And yet in spite of its name, Loves of a Blonde is comically deliberate in how it pokes at the fact that its protagonists spend more time hemming and hawing and not actually, y’know, doing it. The one time that Andula (Hana Brejchová), the eponymous blonde, acts on her impulses and allows herself to be seduced by Milda (Vladimír Pucholt), it seems like the thing will never come off. As the surest scene of impending action is some skin-on-skin tactility, Forman teases us by having Andula and Milda only stare at each other briefly and never directly until they finally actually bump into each other and even then they only get together inadvertently. Andula and Milda only really cross paths when Andula is attempting to abscond with her friends from the aforementioned trio of oafish soldiers (being romantics, they believe that the key to a woman’s heart is alcohol). While her friends wind up returning to the guys, Andula tarries with Milda and lets him read her palm and later show her how to fend off prowlers with a swift kick to the shins. Even before the big event, Forman has Milda pantomime his way through a Tati-esque battle with his window shade before he can pounce on Andula, who looks on with an unreadable stare from behind her bare right shoulder (the way she provocatively lies on her side will surely trigger a response with Lost in Translationfans). Any kind of physical action but the dreaded one that’s on everyone’s minds.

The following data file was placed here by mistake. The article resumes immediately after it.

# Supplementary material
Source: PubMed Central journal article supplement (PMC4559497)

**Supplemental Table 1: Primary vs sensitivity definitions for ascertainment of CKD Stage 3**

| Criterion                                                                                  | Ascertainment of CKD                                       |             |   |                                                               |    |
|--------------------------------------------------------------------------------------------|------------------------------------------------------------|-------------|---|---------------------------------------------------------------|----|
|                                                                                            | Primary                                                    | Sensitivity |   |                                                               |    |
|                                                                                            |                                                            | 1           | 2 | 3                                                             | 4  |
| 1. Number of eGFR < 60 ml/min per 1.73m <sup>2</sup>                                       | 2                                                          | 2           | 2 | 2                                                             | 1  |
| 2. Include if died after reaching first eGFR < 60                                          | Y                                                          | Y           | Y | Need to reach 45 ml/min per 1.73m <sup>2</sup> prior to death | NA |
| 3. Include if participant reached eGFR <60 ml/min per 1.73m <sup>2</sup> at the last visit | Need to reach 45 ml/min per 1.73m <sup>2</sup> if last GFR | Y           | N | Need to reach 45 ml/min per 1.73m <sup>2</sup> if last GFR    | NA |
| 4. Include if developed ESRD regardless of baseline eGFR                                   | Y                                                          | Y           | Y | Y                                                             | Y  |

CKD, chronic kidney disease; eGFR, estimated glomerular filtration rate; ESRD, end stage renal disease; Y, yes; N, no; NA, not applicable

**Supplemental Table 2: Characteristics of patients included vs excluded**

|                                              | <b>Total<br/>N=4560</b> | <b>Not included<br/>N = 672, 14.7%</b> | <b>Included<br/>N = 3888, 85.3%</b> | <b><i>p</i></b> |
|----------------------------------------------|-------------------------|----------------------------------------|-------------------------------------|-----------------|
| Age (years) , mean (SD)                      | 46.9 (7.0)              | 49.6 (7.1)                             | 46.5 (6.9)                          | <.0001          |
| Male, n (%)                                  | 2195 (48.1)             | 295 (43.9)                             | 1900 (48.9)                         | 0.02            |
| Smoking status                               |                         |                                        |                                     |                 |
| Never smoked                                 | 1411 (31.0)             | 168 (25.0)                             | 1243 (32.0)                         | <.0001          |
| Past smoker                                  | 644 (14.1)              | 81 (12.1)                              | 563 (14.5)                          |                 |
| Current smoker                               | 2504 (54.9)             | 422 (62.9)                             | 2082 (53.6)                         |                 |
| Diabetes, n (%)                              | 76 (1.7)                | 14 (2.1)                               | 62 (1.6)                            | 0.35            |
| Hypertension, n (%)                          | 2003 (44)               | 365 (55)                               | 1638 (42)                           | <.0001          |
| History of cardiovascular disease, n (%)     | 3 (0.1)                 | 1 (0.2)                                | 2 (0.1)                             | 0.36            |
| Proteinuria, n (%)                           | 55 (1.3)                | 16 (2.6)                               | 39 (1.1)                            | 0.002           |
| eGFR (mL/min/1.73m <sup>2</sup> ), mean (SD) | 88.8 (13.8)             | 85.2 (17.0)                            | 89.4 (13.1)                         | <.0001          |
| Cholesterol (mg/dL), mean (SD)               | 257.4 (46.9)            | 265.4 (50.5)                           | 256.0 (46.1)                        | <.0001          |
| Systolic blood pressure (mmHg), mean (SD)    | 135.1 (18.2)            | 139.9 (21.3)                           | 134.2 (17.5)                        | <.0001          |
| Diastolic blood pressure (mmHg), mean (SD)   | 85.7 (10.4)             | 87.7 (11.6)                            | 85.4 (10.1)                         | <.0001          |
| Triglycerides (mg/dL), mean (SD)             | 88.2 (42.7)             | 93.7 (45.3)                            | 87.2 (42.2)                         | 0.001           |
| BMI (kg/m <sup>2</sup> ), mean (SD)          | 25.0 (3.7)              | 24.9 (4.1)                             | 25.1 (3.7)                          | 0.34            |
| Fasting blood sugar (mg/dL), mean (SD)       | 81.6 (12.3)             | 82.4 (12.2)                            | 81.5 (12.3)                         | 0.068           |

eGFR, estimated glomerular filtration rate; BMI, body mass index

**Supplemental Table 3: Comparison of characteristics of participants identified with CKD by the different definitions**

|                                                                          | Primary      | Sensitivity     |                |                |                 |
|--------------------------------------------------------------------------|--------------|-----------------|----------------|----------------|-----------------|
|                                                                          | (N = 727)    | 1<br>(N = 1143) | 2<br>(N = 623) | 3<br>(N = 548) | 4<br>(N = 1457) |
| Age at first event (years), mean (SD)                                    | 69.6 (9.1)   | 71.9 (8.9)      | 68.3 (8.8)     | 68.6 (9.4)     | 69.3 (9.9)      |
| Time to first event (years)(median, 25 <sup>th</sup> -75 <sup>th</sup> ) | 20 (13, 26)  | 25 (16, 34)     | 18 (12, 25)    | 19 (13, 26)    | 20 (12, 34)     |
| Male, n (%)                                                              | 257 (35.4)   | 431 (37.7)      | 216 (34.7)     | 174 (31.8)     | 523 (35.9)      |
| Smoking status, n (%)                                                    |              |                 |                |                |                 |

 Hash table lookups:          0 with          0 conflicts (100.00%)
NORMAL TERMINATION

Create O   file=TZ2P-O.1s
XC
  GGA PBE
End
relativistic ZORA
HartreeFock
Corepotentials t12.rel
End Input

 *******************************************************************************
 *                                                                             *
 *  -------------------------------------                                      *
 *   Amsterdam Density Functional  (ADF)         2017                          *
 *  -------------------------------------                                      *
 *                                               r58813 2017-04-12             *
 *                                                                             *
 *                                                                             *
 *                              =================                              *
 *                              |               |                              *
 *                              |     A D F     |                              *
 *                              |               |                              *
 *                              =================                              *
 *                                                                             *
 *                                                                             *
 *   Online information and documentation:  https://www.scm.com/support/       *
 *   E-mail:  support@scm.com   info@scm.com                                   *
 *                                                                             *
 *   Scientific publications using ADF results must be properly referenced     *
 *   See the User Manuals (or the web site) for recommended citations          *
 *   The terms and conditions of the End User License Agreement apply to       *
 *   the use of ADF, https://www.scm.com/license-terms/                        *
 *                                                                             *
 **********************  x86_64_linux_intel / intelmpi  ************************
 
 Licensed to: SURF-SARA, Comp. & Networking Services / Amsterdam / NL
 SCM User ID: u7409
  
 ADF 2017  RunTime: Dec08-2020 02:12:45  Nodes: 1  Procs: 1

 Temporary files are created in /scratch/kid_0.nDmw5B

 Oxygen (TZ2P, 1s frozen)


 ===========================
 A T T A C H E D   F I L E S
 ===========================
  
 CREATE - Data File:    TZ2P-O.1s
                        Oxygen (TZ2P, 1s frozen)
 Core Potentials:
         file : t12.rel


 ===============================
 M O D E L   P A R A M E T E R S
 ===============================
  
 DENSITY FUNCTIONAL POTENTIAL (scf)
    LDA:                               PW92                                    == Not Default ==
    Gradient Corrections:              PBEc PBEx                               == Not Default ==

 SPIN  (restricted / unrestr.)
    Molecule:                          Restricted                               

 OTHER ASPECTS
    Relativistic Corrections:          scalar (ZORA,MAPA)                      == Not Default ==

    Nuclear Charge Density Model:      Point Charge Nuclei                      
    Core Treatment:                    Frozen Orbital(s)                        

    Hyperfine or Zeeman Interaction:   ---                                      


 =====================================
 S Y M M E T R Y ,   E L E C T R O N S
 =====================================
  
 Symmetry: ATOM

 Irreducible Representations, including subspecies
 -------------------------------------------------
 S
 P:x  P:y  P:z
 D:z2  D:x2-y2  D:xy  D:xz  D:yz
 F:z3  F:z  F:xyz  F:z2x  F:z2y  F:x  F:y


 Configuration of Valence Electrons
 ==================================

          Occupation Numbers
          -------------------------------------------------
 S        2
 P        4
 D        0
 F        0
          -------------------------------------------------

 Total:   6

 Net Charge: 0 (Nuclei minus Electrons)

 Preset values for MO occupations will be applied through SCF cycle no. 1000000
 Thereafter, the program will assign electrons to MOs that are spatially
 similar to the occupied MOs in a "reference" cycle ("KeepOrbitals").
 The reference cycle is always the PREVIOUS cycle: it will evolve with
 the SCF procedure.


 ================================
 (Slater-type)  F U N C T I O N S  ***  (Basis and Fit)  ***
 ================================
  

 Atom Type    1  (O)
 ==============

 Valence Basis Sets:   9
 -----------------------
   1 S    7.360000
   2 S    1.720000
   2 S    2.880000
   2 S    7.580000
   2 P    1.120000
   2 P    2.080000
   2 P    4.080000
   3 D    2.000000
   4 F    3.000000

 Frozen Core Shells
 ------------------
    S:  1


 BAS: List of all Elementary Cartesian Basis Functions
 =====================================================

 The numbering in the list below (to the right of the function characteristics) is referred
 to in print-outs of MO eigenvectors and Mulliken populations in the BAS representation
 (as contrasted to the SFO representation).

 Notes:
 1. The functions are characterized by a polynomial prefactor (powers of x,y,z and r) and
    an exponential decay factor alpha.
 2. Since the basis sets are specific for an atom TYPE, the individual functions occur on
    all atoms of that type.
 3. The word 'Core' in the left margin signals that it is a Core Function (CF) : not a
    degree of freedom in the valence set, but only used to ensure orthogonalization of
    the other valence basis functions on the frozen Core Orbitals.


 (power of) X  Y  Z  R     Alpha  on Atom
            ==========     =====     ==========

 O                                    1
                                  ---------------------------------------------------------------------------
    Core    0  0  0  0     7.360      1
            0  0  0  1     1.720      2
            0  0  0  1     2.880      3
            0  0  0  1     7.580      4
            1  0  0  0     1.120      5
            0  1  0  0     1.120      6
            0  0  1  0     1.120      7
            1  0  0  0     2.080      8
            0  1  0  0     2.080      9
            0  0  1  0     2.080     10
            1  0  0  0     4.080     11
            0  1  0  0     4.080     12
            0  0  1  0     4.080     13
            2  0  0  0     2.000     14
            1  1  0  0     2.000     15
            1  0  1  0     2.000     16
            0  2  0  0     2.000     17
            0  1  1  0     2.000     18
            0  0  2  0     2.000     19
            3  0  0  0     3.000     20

The cagey nature of Andula’s tentative romance with Milda is also what gives the film a quietly stifled melancholic tone. Andula works at a shoe factory in a small town while he plays piano in a touring group based in Prague. A lasting partnership is impossible but that’s why Forman immerses the viewer in what a plot synopsis on the back of the Criterion Collection’s new Essential Arthouse DVD erroneously calls “largely real-time” pacing. We’re meant to see events not as they transpire but as they will later be remembered—absurdly sluggish and lush with hyper-real detail when it comes to the buildup to sex but a complete blackout when it comes to the act itself.
The meticulousness of regular cinematographer Miroslav Ondricek’s compositions betray the protagonists’ desperate need to focus on what actually is happening in light of the fact that it can’t last for long. Of the film’s three vignettes, the film’s hilariously distended final one, where Andula waits for Milda at his family apartment with his parents, stands out. It provides an enlightening and very true-to-life explanation as to why the couple will never really have more than a one-night stand: While Milda’s folks quibble over whether or not it’s proper for Andula to spend the night at their place, Andula, the object of their son’s desire, waits patiently to be told whether she can stay or if she’s got to go. Forget the rebellious protagonists of Forman’s later movies: Just by sitting through that kind of torment for the fleeting promise of carnal happiness, Andula is the most free-spirited of Forman’s radicals.
Simon Abrams, Slant magazine, 13th April 2010.
Total Number of Responses: 45
Film Score (0-5): 3.67
109 members and guests attended this screening and the 45 responses represent a hit rate of 41%.